SERMON: Sticks and Stones
Scripture: Matthew 10:5a, 21-33
Sticks and stones may break my bones, but names will never hurt me. So the childhood saying goes. It just isn’t true. Names hurt. The ridicule of man has an effect on man, or else the ridiculer wouldn’t do it.
Jeremiah knew it. He says he was a “laughingstock” and even his close friends denounced him. Christians know it today, too, as even our own family members can mock our faith. Oh, you’re not one of THOSE people, are you?
And sometimes, verbal scorn can turn to action. Christians can bear the brunt of persecution that does bring sticks and stones, and breaks your bones. Jewish tradition has Jeremiah stoned to death in Egypt. We know for sure that the first Christian martyr, Stephen was stoned to death. And many Christians, to this day, would die for the faith. It seems we read more of it in the news every day.
We ought to pray for the persecuted church, especially that they remain faithful unto death, and receive the promised crown of life. There but for the grace of God go you and I. Even when we are not persecuted to death, still, there are crosses to bear. Still, your faith doesn’t solve all your problems, make your life easy and successful, or chase all the clouds away with bright shiny rainbows. You may well suffer for Christ, for your faith, for the truth – even if you don’t suffer unto death.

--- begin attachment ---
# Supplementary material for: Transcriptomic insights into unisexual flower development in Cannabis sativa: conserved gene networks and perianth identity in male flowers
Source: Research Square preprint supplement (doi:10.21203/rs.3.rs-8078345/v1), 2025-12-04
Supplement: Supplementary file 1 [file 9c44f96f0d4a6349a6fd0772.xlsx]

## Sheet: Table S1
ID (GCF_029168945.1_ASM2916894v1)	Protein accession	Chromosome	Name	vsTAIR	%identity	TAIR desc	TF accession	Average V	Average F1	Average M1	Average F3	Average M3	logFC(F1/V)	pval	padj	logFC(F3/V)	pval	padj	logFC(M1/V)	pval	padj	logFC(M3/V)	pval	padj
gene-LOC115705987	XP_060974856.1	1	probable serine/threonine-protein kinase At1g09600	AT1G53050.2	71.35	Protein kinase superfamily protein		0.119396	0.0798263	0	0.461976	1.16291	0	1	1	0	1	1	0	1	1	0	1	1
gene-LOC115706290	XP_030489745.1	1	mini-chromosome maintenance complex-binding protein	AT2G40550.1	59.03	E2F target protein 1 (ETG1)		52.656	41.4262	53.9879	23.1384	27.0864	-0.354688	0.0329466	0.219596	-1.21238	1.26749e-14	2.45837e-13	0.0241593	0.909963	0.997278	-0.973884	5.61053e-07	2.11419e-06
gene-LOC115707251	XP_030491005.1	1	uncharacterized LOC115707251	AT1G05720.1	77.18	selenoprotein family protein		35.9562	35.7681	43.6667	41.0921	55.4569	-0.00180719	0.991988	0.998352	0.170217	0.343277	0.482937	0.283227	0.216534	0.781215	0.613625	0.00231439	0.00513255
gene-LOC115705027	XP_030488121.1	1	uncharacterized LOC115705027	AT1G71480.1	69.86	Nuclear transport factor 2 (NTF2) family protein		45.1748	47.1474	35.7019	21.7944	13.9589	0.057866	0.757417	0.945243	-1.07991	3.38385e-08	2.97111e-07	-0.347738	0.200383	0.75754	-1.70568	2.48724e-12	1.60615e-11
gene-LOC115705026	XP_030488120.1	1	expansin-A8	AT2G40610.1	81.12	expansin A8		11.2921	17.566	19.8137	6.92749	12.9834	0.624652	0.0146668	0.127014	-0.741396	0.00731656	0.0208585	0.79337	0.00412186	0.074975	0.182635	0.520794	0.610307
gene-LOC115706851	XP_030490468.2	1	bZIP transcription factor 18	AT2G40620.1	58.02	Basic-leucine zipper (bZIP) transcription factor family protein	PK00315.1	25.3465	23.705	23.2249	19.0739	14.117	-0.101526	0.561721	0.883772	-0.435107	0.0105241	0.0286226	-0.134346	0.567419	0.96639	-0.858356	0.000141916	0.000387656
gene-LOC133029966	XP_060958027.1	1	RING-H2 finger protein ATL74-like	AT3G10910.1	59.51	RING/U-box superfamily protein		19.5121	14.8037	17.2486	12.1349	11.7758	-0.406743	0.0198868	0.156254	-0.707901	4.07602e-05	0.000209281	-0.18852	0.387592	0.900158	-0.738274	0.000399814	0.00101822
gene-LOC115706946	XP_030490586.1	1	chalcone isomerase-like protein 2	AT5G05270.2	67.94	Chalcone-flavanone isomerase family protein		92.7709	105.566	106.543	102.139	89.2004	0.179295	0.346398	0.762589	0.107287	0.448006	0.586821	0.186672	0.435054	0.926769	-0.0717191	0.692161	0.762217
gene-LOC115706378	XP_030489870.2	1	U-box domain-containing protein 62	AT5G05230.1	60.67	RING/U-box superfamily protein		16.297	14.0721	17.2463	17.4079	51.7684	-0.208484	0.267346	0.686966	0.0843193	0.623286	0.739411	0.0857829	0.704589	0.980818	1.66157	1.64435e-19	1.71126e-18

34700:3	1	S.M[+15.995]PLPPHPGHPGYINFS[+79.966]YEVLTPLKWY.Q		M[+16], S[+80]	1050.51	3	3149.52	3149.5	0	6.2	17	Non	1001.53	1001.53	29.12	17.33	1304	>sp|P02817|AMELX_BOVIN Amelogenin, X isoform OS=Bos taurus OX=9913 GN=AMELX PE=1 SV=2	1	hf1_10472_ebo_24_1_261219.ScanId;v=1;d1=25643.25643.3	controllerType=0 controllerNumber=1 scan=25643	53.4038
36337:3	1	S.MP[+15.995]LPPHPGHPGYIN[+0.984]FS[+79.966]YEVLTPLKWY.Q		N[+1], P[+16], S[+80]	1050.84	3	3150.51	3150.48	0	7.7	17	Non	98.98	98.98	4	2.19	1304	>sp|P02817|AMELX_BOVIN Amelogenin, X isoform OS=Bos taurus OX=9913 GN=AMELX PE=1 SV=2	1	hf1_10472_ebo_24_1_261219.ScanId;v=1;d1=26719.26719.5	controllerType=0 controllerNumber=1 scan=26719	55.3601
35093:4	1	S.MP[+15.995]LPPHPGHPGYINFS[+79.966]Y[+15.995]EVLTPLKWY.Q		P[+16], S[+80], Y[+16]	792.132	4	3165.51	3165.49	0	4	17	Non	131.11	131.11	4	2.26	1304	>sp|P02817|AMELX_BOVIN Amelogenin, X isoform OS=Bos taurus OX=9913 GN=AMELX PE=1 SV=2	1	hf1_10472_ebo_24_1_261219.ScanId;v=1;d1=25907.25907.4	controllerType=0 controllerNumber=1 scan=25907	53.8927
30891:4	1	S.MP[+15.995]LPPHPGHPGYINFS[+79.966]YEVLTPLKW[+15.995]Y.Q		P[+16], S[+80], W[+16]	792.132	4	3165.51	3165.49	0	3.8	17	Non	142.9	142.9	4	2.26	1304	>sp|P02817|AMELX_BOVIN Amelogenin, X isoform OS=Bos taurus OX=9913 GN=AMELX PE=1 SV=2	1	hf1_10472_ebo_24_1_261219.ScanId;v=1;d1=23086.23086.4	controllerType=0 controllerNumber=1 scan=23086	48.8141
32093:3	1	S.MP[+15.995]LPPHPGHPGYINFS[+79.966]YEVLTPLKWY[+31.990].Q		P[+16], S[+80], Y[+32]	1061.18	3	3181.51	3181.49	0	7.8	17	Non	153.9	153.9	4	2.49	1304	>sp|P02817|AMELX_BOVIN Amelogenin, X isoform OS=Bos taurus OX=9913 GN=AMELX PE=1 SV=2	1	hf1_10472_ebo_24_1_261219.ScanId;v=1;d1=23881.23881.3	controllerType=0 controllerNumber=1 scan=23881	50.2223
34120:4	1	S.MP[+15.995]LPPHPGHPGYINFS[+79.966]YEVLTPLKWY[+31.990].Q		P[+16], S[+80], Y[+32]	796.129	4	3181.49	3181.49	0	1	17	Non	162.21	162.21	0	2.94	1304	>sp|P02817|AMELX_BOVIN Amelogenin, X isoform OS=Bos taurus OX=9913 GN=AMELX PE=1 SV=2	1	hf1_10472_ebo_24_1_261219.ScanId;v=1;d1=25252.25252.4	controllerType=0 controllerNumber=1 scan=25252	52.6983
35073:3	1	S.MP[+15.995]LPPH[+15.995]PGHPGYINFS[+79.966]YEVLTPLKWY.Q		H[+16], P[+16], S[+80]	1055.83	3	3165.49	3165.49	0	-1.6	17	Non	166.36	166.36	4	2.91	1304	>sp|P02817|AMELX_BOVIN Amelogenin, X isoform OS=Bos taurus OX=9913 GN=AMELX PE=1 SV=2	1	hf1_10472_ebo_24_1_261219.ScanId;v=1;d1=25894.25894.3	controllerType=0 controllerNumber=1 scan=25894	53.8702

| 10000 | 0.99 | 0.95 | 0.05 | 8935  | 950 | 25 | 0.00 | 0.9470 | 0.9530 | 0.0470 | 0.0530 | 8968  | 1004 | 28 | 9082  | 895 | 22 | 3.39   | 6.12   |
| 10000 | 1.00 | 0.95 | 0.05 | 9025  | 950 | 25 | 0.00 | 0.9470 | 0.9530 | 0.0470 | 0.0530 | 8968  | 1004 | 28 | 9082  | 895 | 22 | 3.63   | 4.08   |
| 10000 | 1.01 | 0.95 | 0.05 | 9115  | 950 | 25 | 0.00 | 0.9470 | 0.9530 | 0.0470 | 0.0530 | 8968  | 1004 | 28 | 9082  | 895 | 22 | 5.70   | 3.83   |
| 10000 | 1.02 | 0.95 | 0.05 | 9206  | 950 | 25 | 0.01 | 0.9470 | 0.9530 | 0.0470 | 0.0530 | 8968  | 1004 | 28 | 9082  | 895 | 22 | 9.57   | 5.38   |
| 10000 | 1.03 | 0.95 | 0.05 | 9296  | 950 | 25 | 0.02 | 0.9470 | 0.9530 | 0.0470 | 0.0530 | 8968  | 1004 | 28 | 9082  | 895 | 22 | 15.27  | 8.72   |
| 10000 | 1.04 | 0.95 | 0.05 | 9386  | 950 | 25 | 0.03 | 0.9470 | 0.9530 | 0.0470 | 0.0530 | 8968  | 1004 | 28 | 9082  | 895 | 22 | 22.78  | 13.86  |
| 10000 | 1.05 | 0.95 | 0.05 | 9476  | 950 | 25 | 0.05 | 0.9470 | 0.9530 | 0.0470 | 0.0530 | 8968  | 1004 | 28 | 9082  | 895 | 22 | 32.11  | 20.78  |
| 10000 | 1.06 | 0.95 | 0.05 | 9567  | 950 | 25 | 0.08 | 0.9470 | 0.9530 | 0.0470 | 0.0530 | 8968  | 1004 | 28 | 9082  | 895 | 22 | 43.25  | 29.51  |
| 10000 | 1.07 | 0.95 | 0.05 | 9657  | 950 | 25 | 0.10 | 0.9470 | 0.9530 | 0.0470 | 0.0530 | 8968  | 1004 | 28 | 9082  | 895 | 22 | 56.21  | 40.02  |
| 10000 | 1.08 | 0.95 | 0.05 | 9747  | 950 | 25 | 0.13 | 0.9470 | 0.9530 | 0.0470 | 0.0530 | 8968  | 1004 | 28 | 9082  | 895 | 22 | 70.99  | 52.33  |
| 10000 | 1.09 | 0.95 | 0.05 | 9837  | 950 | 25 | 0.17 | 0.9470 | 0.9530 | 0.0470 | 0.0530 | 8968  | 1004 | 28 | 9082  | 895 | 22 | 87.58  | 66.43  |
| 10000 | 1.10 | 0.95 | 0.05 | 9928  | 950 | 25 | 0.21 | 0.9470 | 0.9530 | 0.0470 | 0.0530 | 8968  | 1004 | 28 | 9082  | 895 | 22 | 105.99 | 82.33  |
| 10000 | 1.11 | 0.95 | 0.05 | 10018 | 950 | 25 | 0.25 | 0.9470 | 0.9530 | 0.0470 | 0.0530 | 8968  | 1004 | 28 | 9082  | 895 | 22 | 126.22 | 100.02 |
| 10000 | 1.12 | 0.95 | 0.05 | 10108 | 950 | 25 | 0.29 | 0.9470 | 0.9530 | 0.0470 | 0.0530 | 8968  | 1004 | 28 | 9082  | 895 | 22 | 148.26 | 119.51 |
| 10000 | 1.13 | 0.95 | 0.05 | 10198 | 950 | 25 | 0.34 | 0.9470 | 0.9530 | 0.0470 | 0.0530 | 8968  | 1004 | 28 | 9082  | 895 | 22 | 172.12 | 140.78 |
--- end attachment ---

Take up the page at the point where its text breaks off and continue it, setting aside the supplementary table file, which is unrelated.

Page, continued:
Do you think you are any better than Jesus? They called him the devil, Beelzebul. They mocked him and treated him shamefully. They stripped and whipped and beat and spit on him. They crowned him with thorns in a sham coronation. They gave him a scepter and royal robe to kneel down in false worship. Sticks and stones? They put him on two sticks to die, and he was buried behind a big stone.
Truly, a servant is not greater than the master. The world hated him. The world hates you, too, Christian. What Jesus got, you will get too, somehow, some way, sooner or later.I don’t mean to be the bearer of bad news, but this is the hard truth the word puts in front of us today. We preach what Luther called a “theology of the cross”, not a “theology of glory”.
You can go to a church that has a different message. It’s called the theology of glory. God wants you to be successful, healthy, wealthy, happy. And if you believe rightly, and think rightly, you will have God’s favor. And good things will happen to you. Nevermind the fact that every day faithful Christians are struck down by disaster and disease. Nevermind that the faithful are mocked and persecuted. Or that they die in anonymous poverty. Oh, but this church building won an architectural award, see how God favors us!
The good news is not that Jesus takes all the suffering away. The good news is that he has taken your sin away. The good news is not that Jesus makes your life better, or even good, now. The good news is that Jesus has swallowed up death in his victory, and brings abundant life. The good news is that when the world put a stone in front of Jesus, He rolled away the stone and is alive.The gospel of Jesus Christ stands in the midst of all that is wrong and broken and perverted and dying in this world – and speaks a contrary word of hope. Even though you die, yet shall you live. “He who lives and believes in me will never die.”